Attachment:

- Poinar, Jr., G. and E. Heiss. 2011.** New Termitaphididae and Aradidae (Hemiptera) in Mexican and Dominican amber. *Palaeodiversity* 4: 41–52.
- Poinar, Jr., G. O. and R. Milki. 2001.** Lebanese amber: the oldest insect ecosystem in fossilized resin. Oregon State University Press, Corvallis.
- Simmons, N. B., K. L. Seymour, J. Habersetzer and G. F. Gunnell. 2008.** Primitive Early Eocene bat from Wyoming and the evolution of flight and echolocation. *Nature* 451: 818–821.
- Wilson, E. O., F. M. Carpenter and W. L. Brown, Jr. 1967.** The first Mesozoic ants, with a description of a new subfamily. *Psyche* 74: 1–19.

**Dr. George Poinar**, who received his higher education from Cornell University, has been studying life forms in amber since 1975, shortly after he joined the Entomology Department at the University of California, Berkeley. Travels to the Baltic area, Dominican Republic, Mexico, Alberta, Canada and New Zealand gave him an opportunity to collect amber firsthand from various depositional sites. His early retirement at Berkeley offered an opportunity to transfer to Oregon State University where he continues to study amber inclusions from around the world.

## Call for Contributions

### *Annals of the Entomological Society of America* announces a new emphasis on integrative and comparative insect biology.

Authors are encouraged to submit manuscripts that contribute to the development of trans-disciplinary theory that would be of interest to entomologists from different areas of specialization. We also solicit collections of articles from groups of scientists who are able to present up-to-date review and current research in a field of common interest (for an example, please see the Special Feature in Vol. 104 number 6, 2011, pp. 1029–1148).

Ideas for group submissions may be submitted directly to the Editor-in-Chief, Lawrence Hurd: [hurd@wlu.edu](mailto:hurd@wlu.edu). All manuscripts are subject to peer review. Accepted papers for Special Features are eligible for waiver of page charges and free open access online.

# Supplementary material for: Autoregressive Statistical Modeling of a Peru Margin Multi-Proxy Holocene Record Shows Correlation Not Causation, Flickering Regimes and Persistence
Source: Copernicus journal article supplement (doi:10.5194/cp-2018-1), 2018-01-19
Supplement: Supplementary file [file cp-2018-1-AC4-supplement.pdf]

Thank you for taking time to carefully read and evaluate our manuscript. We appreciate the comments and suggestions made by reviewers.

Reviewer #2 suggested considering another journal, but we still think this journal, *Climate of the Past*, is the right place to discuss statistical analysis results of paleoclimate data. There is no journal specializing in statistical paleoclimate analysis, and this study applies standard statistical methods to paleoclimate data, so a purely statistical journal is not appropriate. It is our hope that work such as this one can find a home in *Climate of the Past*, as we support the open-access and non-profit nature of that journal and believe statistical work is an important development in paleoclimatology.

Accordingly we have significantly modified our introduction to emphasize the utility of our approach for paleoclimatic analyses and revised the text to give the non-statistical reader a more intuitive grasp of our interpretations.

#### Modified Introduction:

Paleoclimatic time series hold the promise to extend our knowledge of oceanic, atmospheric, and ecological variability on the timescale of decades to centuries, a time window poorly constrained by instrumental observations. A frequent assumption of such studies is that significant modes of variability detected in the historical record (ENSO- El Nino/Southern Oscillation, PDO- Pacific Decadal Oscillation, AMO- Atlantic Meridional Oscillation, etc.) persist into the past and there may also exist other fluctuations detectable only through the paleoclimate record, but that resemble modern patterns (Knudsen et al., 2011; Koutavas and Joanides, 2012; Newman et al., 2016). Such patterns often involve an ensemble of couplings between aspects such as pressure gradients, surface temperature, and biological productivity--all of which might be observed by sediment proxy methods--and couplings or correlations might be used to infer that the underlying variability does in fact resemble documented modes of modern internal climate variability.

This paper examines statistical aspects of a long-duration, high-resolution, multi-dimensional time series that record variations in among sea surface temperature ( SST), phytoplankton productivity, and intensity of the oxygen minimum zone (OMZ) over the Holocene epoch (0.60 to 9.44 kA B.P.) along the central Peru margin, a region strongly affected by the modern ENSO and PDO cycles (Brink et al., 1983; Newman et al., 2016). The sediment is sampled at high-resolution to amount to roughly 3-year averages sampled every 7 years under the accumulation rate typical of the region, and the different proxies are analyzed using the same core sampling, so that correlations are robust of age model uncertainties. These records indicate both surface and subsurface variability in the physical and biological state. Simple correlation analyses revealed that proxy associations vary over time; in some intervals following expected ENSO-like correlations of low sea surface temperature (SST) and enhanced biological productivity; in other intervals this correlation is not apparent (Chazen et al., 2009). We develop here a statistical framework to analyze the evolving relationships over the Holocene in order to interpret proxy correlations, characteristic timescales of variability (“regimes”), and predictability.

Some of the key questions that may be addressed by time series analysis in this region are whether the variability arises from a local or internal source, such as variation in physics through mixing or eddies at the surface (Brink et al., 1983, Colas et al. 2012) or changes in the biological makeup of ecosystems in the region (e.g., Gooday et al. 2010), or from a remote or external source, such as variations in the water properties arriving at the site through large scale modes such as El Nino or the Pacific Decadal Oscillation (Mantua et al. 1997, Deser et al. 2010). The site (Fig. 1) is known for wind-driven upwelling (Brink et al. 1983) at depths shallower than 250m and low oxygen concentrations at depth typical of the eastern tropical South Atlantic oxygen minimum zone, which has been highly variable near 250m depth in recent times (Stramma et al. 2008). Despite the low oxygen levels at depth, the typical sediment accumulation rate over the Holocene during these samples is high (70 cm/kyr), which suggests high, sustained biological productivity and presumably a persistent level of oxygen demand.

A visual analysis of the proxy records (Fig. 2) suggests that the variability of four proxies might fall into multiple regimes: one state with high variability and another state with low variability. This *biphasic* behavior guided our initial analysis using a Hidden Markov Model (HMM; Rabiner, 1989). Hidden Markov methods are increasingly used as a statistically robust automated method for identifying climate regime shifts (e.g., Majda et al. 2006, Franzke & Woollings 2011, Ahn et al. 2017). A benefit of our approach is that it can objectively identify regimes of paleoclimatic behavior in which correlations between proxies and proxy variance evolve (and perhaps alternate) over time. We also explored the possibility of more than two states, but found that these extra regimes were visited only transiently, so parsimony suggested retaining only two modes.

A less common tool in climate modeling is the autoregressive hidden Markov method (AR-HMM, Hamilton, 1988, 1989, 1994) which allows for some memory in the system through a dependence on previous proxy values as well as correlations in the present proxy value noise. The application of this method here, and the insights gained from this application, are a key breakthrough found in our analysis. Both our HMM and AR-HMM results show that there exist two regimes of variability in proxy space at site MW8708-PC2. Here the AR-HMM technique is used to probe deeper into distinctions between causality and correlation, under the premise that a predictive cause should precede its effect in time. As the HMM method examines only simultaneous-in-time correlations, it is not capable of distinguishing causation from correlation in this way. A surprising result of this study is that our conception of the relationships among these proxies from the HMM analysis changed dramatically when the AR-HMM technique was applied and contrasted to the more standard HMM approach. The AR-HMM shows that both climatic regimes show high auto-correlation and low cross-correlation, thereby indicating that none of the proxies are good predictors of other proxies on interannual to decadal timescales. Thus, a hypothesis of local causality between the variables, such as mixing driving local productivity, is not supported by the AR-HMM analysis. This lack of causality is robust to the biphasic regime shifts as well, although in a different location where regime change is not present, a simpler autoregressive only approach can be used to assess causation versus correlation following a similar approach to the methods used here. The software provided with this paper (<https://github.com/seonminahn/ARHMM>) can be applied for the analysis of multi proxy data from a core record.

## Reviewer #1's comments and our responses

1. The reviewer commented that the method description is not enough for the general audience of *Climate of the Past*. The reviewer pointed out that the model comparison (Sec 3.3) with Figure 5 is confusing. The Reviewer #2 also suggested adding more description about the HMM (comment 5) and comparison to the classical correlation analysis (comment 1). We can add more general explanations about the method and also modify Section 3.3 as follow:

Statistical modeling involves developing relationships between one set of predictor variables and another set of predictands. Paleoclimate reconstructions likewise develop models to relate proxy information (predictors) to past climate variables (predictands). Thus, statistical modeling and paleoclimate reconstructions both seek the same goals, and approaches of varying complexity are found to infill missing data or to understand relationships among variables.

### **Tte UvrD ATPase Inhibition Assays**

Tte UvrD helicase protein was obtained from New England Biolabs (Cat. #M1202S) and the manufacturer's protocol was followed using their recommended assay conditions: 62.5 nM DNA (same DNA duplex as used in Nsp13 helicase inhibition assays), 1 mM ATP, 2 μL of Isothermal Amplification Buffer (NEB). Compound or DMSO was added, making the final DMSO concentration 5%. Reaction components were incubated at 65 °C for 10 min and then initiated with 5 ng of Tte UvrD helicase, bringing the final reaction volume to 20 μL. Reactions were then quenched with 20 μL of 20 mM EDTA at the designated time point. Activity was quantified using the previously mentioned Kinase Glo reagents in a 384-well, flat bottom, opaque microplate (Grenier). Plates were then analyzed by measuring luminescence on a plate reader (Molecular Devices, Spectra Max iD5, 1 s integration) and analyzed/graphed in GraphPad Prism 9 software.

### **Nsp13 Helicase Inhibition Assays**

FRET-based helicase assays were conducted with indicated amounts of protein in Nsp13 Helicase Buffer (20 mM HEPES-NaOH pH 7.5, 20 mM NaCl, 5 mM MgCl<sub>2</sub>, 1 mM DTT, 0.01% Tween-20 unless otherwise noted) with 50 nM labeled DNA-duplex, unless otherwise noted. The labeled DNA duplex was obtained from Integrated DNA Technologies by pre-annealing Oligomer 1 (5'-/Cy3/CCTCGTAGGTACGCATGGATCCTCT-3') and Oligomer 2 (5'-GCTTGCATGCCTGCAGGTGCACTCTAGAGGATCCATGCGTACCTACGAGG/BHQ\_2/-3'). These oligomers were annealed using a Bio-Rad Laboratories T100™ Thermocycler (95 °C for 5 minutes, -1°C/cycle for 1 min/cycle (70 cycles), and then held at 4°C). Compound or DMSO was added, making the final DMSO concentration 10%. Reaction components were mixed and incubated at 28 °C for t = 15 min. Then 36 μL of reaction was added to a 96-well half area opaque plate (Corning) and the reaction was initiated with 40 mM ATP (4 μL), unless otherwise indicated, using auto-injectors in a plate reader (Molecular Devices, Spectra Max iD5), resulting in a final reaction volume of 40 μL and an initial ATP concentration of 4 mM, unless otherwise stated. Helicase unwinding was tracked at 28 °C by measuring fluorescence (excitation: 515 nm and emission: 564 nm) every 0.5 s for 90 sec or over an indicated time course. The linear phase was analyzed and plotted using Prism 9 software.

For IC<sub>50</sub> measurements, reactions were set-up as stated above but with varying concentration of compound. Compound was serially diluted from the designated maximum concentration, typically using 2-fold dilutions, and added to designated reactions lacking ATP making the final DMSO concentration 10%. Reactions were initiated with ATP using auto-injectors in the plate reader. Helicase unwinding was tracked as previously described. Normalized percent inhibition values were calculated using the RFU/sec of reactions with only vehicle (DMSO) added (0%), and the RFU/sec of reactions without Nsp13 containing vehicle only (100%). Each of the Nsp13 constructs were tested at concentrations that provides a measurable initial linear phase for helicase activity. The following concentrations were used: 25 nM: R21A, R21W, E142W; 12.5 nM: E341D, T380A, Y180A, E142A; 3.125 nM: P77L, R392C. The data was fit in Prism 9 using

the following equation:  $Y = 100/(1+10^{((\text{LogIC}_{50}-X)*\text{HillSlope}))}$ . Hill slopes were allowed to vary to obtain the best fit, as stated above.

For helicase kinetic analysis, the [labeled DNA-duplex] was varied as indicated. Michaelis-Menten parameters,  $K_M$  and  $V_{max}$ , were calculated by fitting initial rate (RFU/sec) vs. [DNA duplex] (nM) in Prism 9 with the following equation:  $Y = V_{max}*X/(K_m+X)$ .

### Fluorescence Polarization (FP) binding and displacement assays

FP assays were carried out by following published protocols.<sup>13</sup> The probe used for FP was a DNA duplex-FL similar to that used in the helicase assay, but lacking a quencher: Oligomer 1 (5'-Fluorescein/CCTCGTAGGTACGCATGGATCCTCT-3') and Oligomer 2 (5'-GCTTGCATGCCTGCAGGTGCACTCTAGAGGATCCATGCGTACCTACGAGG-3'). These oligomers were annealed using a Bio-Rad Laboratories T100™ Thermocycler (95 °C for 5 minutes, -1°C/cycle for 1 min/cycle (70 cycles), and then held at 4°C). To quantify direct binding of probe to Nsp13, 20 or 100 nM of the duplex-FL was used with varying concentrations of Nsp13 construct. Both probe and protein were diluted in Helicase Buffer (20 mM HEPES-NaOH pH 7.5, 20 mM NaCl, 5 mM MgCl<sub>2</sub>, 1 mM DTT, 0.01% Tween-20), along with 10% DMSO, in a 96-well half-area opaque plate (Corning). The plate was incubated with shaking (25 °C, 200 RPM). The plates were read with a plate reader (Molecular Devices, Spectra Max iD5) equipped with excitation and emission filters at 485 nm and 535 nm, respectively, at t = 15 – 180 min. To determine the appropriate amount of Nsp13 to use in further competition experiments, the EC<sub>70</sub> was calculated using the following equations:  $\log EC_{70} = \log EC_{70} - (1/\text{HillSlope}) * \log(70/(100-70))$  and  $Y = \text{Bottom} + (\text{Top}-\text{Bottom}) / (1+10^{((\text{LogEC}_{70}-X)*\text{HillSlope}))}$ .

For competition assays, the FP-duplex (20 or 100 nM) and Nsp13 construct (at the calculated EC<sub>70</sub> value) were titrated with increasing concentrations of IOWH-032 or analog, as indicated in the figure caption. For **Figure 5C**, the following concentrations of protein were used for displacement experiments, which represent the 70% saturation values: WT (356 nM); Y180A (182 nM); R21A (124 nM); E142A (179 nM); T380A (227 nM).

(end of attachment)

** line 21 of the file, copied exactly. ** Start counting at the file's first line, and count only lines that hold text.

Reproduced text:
A less common tool in climate modeling is the autoregressive hidden Markov method (AR-HMM, Hamilton, 1988, 1989, 1994) which allows for some memory in the system through a dependence on previous proxy values as well as correlations in the present proxy value noise. The application of this method here, and the insights gained from this application, are a key breakthrough found in our analysis. Both our HMM and AR-HMM results show that there exist two regimes of variability in proxy space at site MW8708-PC2. Here the AR-HMM technique is used to probe deeper into distinctions between causality and correlation, under the premise that a predictive cause should precede its effect in time. As the HMM method examines only simultaneous-in-time correlations, it is not capable of distinguishing causation from correlation in this way. A surprising result of this study is that our conception of the relationships among these proxies from the HMM analysis changed dramatically when the AR-HMM technique was applied and contrasted to the more standard HMM approach. The AR-HMM shows that both climatic regimes show high auto-correlation and low cross-correlation, thereby indicating that none of the proxies are good predictors of other proxies on interannual to decadal timescales. Thus, a hypothesis of local causality between the variables, such as mixing driving local productivity, is not supported by the AR-HMM analysis. This lack of causality is robust to the biphasic regime shifts as well, although in a different location where regime change is not present, a simpler autoregressive only approach can be used to assess causation versus correlation following a similar approach to the methods used here. The software provided with this paper (<https://github.com/seonminahn/ARHMM>) can be applied for the analysis of multi proxy data from a core record.